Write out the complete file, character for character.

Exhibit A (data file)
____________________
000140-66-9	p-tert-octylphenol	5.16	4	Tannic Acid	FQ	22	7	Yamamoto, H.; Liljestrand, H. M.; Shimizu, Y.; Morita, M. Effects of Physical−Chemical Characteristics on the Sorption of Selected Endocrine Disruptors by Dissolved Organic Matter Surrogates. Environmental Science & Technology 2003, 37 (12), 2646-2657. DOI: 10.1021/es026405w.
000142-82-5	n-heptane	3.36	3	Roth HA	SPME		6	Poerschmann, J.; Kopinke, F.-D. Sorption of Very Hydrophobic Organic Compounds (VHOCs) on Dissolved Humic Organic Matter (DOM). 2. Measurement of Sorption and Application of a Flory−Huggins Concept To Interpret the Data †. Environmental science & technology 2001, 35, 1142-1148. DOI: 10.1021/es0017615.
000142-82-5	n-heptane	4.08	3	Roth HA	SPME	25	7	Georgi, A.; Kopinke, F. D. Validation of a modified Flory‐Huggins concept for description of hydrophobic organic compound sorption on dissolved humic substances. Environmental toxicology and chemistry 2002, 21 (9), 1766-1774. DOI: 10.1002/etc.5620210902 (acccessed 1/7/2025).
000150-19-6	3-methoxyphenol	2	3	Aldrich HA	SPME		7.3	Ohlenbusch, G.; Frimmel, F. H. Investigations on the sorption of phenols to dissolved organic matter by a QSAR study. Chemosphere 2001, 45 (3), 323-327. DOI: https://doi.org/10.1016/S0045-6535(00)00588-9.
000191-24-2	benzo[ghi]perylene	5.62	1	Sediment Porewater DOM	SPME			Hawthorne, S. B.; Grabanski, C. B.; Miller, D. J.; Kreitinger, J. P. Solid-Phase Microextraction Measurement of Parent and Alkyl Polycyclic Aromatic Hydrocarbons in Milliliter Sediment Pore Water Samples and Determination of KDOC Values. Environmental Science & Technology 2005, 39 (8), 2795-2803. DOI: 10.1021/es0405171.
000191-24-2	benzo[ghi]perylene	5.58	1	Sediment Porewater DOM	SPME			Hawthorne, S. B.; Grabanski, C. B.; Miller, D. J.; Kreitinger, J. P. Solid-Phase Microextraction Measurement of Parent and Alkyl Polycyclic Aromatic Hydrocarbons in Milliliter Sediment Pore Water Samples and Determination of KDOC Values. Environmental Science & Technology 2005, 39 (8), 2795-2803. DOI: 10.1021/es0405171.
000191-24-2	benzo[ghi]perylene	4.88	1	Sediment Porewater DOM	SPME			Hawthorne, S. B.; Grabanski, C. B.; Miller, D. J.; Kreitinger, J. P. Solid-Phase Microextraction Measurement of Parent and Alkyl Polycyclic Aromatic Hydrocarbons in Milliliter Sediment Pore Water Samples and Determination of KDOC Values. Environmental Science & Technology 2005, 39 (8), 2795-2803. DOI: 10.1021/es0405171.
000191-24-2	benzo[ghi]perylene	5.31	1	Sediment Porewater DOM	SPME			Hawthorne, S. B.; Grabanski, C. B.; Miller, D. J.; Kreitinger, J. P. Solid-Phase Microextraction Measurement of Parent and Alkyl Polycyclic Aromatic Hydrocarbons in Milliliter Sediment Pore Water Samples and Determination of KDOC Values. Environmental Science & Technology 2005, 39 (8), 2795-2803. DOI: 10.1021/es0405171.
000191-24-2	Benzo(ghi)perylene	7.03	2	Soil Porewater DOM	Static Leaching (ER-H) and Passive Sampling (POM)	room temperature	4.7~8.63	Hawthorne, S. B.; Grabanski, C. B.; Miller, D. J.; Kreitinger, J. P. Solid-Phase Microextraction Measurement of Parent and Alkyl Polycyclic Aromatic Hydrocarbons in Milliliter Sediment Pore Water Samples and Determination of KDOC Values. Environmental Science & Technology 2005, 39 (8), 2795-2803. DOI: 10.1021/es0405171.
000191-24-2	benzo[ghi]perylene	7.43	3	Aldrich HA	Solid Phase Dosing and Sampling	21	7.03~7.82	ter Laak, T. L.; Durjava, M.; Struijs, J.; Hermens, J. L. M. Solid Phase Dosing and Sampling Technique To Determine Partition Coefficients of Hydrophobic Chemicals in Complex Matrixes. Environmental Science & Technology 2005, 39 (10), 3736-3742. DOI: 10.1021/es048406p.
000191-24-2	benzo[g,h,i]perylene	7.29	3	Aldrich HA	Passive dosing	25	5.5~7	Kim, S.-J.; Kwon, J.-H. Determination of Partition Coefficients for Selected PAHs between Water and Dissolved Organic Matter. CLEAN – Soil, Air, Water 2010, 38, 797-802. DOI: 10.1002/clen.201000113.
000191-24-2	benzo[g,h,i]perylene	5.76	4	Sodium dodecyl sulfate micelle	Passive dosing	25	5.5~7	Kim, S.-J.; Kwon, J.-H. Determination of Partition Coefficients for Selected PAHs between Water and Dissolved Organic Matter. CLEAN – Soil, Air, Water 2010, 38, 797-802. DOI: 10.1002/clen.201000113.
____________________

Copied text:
000140-66-9	p-tert-octylphenol	5.16	4	Tannic Acid	FQ	22	7	Yamamoto, H.; Liljestrand, H. M.; Shimizu, Y.; Morita, M. Effects of Physical−Chemical Characteristics on the Sorption of Selected Endocrine Disruptors by Dissolved Organic Matter Surrogates. Environmental Science & Technology 2003, 37 (12), 2646-2657. DOI: 10.1021/es026405w.
000142-82-5	n-heptane	3.36	3	Roth HA	SPME		6	Poerschmann, J.; Kopinke, F.-D. Sorption of Very Hydrophobic Organic Compounds (VHOCs) on Dissolved Humic Organic Matter (DOM). 2. Measurement of Sorption and Application of a Flory−Huggins Concept To Interpret the Data †. Environmental science & technology 2001, 35, 1142-1148. DOI: 10.1021/es0017615.
000142-82-5	n-heptane	4.08	3	Roth HA	SPME	25	7	Georgi, A.; Kopinke, F. D. Validation of a modified Flory‐Huggins concept for description of hydrophobic organic compound sorption on dissolved humic substances. Environmental toxicology and chemistry 2002, 21 (9), 1766-1774. DOI: 10.1002/etc.5620210902 (acccessed 1/7/2025).
000150-19-6	3-methoxyphenol	2	3	Aldrich HA	SPME		7.3	Ohlenbusch, G.; Frimmel, F. H. Investigations on the sorption of phenols to dissolved organic matter by a QSAR study. Chemosphere 2001, 45 (3), 323-327. DOI: https://doi.org/10.1016/S0045-6535(00)00588-9.
000191-24-2	benzo[ghi]perylene	5.62	1	Sediment Porewater DOM	SPME			Hawthorne, S. B.; Grabanski, C. B.; Miller, D. J.; Kreitinger, J. P. Solid-Phase Microextraction Measurement of Parent and Alkyl Polycyclic Aromatic Hydrocarbons in Milliliter Sediment Pore Water Samples and Determination of KDOC Values. Environmental Science & Technology 2005, 39 (8), 2795-2803. DOI: 10.1021/es0405171.
000191-24-2	benzo[ghi]perylene	5.58	1	Sediment Porewater DOM	SPME			Hawthorne, S. B.; Grabanski, C. B.; Miller, D. J.; Kreitinger, J. P. Solid-Phase Microextraction Measurement of Parent and Alkyl Polycyclic Aromatic Hydrocarbons in Milliliter Sediment Pore Water Samples and Determination of KDOC Values. Environmental Science & Technology 2005, 39 (8), 2795-2803. DOI: 10.1021/es0405171.
000191-24-2	benzo[ghi]perylene	4.88	1	Sediment Porewater DOM	SPME			Hawthorne, S. B.; Grabanski, C. B.; Miller, D. J.; Kreitinger, J. P. Solid-Phase Microextraction Measurement of Parent and Alkyl Polycyclic Aromatic Hydrocarbons in Milliliter Sediment Pore Water Samples and Determination of KDOC Values. Environmental Science & Technology 2005, 39 (8), 2795-2803. DOI: 10.1021/es0405171.
000191-24-2	benzo[ghi]perylene	5.31	1	Sediment Porewater DOM	SPME			Hawthorne, S. B.; Grabanski, C. B.; Miller, D. J.; Kreitinger, J. P. Solid-Phase Microextraction Measurement of Parent and Alkyl Polycyclic Aromatic Hydrocarbons in Milliliter Sediment Pore Water Samples and Determination of KDOC Values. Environmental Science & Technology 2005, 39 (8), 2795-2803. DOI: 10.1021/es0405171.
000191-24-2	Benzo(ghi)perylene	7.03	2	Soil Porewater DOM	Static Leaching (ER-H) and Passive Sampling (POM)	room temperature	4.7~8.63	Hawthorne, S. B.; Grabanski, C. B.; Miller, D. J.; Kreitinger, J. P. Solid-Phase Microextraction Measurement of Parent and Alkyl Polycyclic Aromatic Hydrocarbons in Milliliter Sediment Pore Water Samples and Determination of KDOC Values. Environmental Science & Technology 2005, 39 (8), 2795-2803. DOI: 10.1021/es0405171.
000191-24-2	benzo[ghi]perylene	7.43	3	Aldrich HA	Solid Phase Dosing and Sampling	21	7.03~7.82	ter Laak, T. L.; Durjava, M.; Struijs, J.; Hermens, J. L. M. Solid Phase Dosing and Sampling Technique To Determine Partition Coefficients of Hydrophobic Chemicals in Complex Matrixes. Environmental Science & Technology 2005, 39 (10), 3736-3742. DOI: 10.1021/es048406p.
000191-24-2	benzo[g,h,i]perylene	7.29	3	Aldrich HA	Passive dosing	25	5.5~7	Kim, S.-J.; Kwon, J.-H. Determination of Partition Coefficients for Selected PAHs between Water and Dissolved Organic Matter. CLEAN – Soil, Air, Water 2010, 38, 797-802. DOI: 10.1002/clen.201000113.
000191-24-2	benzo[g,h,i]perylene	5.76	4	Sodium dodecyl sulfate micelle	Passive dosing	25	5.5~7	Kim, S.-J.; Kwon, J.-H. Determination of Partition Coefficients for Selected PAHs between Water and Dissolved Organic Matter. CLEAN – Soil, Air, Water 2010, 38, 797-802. DOI: 10.1002/clen.201000113.